Ease Back-to-School Anxiety with Mindfulness

back-to-school anxiety

It’s officially back-to-school time. Once again, the kiddos are transitioning from a summer of freedom to having to get up early, be on time, sit still, listen up and pay attention. And every year as the academic demands grow, it doesn’t necessarily get easier for them.

But let’s be real here, the kiddos aren’t the only ones getting stressed out by the change from the loosey-goosey summer schedules to the time-to-get-serious-again demands of the fall. You’ve got your own life to return to in addition to discovering that your job description has once again expanded to include things like Carpool Organizer, Homework Helper, PTA President, Traffic Cop and Lunch Box Packer.

The awesome news is that the same practices you can use to keep yourself from becoming a total basket case are tools that you can also share with your kids to help manage their back-to-school fears and anxiety. Two birds, one stone. It’s called mindfulness and it’s surprisingly simple.

Mindfulness is the practice of consciously directly your awareness to the thoughts, feelings and physical sensations you’re experiencing in the moment so that you can meet them with compassion and acceptance rather than judgment. Basically, it boils down to recognizing that we’re human and being okay with that — an excellent practice for us all, especially our future generation.

5 Tips for A Mindful Back-To-School Transition

1. Talk about it. Remember that your whole household is going through a big transition. Set aside time to talk about the fears and challenges each of you is dealing with. In doing so, you’ll foster a healthier way of processing emotions for everyone in your home. Start a conversation and then follow up regularly. Try to involve each other in the process of confronting both the ups and downs of life so that you can learn and grow together. Approach whatever comes up in these conversations with compassion. Remind each other that it’s okay to make mistakes and not have all the answers right now. Take this excellent opportunity to build caring connections with each other, open more mature lines of communication and let your kids be a part of a relationship that’s built on mutual support.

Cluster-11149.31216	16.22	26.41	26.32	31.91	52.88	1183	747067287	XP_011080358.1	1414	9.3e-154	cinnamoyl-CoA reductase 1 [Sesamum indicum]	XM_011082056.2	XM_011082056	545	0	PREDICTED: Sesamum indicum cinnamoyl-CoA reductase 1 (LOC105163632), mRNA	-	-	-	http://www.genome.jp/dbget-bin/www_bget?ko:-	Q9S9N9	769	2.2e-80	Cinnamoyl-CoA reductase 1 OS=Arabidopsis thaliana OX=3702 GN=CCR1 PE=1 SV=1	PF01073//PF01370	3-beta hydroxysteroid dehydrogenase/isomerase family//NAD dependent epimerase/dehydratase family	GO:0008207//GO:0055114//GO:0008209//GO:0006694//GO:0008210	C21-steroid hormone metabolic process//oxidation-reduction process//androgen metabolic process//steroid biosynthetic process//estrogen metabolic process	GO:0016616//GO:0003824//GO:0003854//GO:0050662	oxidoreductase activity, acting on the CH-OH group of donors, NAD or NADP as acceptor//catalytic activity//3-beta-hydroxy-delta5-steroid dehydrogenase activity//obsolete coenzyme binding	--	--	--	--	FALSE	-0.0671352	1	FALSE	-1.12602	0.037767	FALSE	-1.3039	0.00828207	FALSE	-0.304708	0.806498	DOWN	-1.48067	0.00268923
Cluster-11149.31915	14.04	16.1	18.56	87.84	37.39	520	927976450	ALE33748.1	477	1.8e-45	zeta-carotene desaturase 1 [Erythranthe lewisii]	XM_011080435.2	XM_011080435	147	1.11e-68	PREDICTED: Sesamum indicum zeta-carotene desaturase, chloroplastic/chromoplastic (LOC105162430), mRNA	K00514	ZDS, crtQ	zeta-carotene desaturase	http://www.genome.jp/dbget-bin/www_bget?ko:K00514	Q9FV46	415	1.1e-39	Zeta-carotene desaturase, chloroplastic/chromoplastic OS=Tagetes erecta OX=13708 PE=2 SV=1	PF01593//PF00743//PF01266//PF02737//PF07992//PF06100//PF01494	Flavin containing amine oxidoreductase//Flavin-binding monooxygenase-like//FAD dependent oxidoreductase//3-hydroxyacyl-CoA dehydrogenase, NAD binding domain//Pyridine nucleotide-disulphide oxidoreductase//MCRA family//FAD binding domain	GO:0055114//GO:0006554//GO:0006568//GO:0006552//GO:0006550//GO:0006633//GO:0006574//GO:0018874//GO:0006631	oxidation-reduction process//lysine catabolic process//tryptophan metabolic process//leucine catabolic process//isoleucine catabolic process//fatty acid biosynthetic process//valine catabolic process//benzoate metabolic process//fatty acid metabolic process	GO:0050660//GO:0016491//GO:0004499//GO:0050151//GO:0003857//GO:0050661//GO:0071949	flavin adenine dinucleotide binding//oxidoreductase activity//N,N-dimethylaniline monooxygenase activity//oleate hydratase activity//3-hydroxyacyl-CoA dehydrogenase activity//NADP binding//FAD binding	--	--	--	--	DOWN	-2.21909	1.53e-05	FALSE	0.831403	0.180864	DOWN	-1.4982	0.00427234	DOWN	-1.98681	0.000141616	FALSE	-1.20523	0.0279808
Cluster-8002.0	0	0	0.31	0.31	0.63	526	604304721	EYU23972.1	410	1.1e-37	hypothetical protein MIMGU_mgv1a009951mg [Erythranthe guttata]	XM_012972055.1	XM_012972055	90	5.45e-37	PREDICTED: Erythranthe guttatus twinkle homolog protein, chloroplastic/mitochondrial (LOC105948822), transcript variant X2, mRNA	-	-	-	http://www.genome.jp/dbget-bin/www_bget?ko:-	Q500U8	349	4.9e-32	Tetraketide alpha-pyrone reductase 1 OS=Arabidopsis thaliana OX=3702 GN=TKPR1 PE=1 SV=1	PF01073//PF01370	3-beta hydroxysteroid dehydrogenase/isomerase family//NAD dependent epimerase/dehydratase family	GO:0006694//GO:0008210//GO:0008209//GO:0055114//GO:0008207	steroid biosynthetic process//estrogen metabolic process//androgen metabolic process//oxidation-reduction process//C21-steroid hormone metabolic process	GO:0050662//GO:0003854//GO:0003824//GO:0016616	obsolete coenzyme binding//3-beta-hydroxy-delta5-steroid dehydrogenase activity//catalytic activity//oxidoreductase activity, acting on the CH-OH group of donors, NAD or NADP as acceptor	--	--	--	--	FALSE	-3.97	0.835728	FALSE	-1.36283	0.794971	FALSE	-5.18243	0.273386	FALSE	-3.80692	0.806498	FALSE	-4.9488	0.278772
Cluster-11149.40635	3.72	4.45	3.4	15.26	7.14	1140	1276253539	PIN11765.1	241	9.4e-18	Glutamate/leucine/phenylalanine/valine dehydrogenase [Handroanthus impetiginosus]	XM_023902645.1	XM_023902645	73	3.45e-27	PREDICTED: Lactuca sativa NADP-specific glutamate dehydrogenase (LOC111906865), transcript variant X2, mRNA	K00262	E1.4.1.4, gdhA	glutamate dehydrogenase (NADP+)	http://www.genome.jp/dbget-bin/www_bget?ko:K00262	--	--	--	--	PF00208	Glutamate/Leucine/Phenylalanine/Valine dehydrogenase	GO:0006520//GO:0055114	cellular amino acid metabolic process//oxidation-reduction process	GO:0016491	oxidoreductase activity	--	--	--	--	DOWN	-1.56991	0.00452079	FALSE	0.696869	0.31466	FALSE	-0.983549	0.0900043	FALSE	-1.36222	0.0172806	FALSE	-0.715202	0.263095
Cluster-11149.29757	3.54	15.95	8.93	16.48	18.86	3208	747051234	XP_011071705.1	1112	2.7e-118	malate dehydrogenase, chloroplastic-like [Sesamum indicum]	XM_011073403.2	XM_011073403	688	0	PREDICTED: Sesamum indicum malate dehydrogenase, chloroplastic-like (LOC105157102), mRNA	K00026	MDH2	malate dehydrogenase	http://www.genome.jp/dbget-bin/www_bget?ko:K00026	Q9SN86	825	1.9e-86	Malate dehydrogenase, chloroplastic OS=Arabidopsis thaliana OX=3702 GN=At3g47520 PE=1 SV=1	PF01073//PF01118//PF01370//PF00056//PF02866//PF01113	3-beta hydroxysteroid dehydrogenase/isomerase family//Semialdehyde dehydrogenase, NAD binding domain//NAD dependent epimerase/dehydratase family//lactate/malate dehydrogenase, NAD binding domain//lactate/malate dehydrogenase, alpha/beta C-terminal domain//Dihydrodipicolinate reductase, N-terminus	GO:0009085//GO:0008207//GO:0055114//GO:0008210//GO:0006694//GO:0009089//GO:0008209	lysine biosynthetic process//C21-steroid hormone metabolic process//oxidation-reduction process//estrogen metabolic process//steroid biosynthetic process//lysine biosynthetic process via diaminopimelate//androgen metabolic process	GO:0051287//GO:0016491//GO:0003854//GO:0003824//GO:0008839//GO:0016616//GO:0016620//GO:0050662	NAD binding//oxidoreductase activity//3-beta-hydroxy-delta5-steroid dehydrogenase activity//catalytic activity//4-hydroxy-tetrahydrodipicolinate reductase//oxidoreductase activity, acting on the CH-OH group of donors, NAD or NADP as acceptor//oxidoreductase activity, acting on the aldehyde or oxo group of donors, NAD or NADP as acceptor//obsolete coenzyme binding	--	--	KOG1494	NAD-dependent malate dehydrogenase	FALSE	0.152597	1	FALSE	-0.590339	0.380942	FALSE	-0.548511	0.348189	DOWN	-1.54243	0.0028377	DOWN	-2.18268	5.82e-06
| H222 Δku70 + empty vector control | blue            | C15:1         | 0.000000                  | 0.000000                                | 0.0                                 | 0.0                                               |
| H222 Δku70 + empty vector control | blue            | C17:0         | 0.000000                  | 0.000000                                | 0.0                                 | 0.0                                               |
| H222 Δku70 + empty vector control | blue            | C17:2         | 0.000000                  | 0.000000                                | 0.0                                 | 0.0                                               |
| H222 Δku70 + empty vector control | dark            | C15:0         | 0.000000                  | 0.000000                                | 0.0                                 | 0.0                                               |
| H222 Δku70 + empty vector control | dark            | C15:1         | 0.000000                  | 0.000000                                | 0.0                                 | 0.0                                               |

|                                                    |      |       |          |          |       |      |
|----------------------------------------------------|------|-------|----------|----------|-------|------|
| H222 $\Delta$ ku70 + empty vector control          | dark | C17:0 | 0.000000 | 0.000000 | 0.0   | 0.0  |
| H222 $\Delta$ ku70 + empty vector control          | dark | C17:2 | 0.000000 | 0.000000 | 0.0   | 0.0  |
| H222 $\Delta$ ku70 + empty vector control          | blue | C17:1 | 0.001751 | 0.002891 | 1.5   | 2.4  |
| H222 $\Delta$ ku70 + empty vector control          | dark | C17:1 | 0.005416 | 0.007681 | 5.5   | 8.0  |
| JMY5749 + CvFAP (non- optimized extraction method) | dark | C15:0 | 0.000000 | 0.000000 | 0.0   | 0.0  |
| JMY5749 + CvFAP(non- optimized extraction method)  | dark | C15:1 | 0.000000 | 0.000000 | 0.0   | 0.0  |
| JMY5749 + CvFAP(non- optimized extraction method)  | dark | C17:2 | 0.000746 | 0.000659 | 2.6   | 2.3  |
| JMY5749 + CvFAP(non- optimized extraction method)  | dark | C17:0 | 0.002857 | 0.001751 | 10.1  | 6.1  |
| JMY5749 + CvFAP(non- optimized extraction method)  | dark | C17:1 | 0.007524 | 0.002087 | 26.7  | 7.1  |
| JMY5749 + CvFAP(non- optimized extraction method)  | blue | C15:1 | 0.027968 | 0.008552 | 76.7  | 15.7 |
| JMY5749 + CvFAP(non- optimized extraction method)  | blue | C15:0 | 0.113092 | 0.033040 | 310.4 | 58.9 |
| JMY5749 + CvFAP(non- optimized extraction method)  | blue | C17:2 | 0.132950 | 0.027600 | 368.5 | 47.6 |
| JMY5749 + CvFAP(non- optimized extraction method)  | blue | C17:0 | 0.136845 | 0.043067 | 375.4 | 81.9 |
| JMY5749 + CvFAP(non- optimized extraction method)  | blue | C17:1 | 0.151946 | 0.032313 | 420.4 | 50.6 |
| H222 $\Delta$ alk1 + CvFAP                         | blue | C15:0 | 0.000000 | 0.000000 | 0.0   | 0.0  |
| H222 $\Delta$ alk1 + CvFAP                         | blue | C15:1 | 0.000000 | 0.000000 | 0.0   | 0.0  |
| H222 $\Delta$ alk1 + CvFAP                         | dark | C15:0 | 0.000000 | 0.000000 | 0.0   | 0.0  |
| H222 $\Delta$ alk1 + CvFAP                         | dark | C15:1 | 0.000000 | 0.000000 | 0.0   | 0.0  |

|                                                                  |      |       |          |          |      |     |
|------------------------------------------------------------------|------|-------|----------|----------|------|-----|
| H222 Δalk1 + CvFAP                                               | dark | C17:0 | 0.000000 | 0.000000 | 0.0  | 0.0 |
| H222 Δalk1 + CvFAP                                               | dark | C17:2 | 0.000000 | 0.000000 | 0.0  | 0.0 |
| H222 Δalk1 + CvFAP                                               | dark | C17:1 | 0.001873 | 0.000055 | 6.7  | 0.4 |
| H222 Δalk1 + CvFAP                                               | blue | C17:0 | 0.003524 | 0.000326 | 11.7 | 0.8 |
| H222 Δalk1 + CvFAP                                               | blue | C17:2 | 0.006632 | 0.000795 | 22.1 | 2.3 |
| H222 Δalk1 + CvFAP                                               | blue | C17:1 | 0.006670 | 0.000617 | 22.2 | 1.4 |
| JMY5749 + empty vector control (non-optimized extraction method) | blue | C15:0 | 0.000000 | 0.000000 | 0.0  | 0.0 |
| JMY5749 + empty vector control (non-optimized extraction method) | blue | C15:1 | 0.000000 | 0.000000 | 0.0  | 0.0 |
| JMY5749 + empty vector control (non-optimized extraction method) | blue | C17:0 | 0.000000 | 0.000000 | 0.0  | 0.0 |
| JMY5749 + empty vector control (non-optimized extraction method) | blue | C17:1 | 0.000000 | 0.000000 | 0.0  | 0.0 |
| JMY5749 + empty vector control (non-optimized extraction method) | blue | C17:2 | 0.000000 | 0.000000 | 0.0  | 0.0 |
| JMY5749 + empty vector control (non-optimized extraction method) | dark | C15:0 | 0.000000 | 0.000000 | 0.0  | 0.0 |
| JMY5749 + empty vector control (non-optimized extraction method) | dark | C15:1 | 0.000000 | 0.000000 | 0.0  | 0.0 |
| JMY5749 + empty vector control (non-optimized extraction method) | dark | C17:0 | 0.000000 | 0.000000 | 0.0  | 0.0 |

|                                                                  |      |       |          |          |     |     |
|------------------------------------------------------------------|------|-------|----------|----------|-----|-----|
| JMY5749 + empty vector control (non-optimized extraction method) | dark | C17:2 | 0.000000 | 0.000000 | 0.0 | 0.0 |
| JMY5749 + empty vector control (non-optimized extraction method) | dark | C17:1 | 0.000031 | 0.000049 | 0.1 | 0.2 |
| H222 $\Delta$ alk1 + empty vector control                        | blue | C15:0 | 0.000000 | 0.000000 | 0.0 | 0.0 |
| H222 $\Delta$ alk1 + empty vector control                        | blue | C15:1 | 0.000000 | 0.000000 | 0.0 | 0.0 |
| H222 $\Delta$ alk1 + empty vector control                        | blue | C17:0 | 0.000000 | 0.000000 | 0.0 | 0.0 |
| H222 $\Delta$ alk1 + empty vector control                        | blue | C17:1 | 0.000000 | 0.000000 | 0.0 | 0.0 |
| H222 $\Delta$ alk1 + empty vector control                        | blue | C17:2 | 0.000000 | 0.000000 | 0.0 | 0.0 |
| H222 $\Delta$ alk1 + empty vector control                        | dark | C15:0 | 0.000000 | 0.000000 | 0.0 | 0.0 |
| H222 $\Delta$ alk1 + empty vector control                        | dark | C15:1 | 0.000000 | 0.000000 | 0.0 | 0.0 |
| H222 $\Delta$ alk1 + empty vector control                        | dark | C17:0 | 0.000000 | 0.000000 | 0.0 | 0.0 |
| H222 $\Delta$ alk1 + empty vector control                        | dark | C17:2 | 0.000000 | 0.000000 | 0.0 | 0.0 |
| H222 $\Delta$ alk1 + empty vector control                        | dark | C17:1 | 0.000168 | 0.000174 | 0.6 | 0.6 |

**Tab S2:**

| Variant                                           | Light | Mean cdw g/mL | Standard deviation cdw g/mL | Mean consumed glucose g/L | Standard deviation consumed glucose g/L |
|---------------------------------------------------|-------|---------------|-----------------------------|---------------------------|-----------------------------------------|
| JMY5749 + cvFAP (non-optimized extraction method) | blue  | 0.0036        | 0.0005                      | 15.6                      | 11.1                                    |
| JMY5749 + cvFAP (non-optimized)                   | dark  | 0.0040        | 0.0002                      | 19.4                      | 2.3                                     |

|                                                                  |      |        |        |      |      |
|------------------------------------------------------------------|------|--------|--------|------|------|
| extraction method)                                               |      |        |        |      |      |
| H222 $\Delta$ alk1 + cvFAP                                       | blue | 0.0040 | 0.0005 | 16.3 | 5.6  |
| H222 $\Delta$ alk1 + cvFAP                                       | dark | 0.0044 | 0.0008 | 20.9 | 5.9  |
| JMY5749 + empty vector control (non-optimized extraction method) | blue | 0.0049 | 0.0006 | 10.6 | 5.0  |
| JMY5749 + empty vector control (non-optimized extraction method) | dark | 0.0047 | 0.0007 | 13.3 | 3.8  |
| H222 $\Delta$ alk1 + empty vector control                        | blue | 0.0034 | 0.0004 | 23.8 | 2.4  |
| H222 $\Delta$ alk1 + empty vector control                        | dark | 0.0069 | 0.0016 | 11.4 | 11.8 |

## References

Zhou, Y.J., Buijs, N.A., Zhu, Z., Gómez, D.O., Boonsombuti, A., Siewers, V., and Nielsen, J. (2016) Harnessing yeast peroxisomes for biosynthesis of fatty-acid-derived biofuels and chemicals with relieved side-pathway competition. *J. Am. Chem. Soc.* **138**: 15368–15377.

2. Transition wisely. Transition the sleep time and wake-up time a week or so before school starts to allow time for a proper transition. Everyone benefits from rest. The kids will be less cranky and feel less overwhelmed and you’ll be in a better position to help your kids (and yourself) cope with the transition. If you’re having trouble getting that earlier bedtime in place, try an age-appropriate guided meditation by using a free app like Smiling Mind 

3. Take a moment to express gratitude. As the summer comes to a close, take the time to remember and truly appreciate all the good times fun experiences the summer had to offer. Gratitude has the power to change our mindset from wanting more to having enough.

4. Set your intentions for the next 180 days. Think about your short-term and long-term goals and identify what qualities or energy you’ll need to make them happen — this is how intentions are formed. For example, if your kid’s goal is to get through a tough math class, consider setting an intention to focus. Then, reinforce that intention daily by sitting down together with your intentions and use them as your own personal mantras. As you inhale, visualize breathing in your mantra (“focus”, “patience”, “compassion” or whatever coincides with your intentions for the year). As you exhale, see yourself releasing all the worries and fears. Not only does this practice force you to hit pause and remember what really matters to you before moving on with your day, but it also teaches the benefits and importance of daily self-care. Plus, it sure beats rushing out the door in a panic and trying to do damage control later. Why not start every day feeling more empowered and centered?

5. Extend your compassion to others. Sometimes it helps to remember that you’re not the only experiencing fear and/or anxiety. Take a moment to consider how others may be feeling as well. The teacher is probably feeling some stress and anxiety about the upcoming school year with a new bunch of kids. The other kids probably share your kids’ worries. The other parents are also probably wondering how they are going to survive this transition this year. Even if it appears that everyone but you has their stuff together, I guarantee you that isn’t the case. Practice kindness toward others instead of assuming that you’re the only one struggling.

How does your family cope with the back-to-school transitions? —Alison

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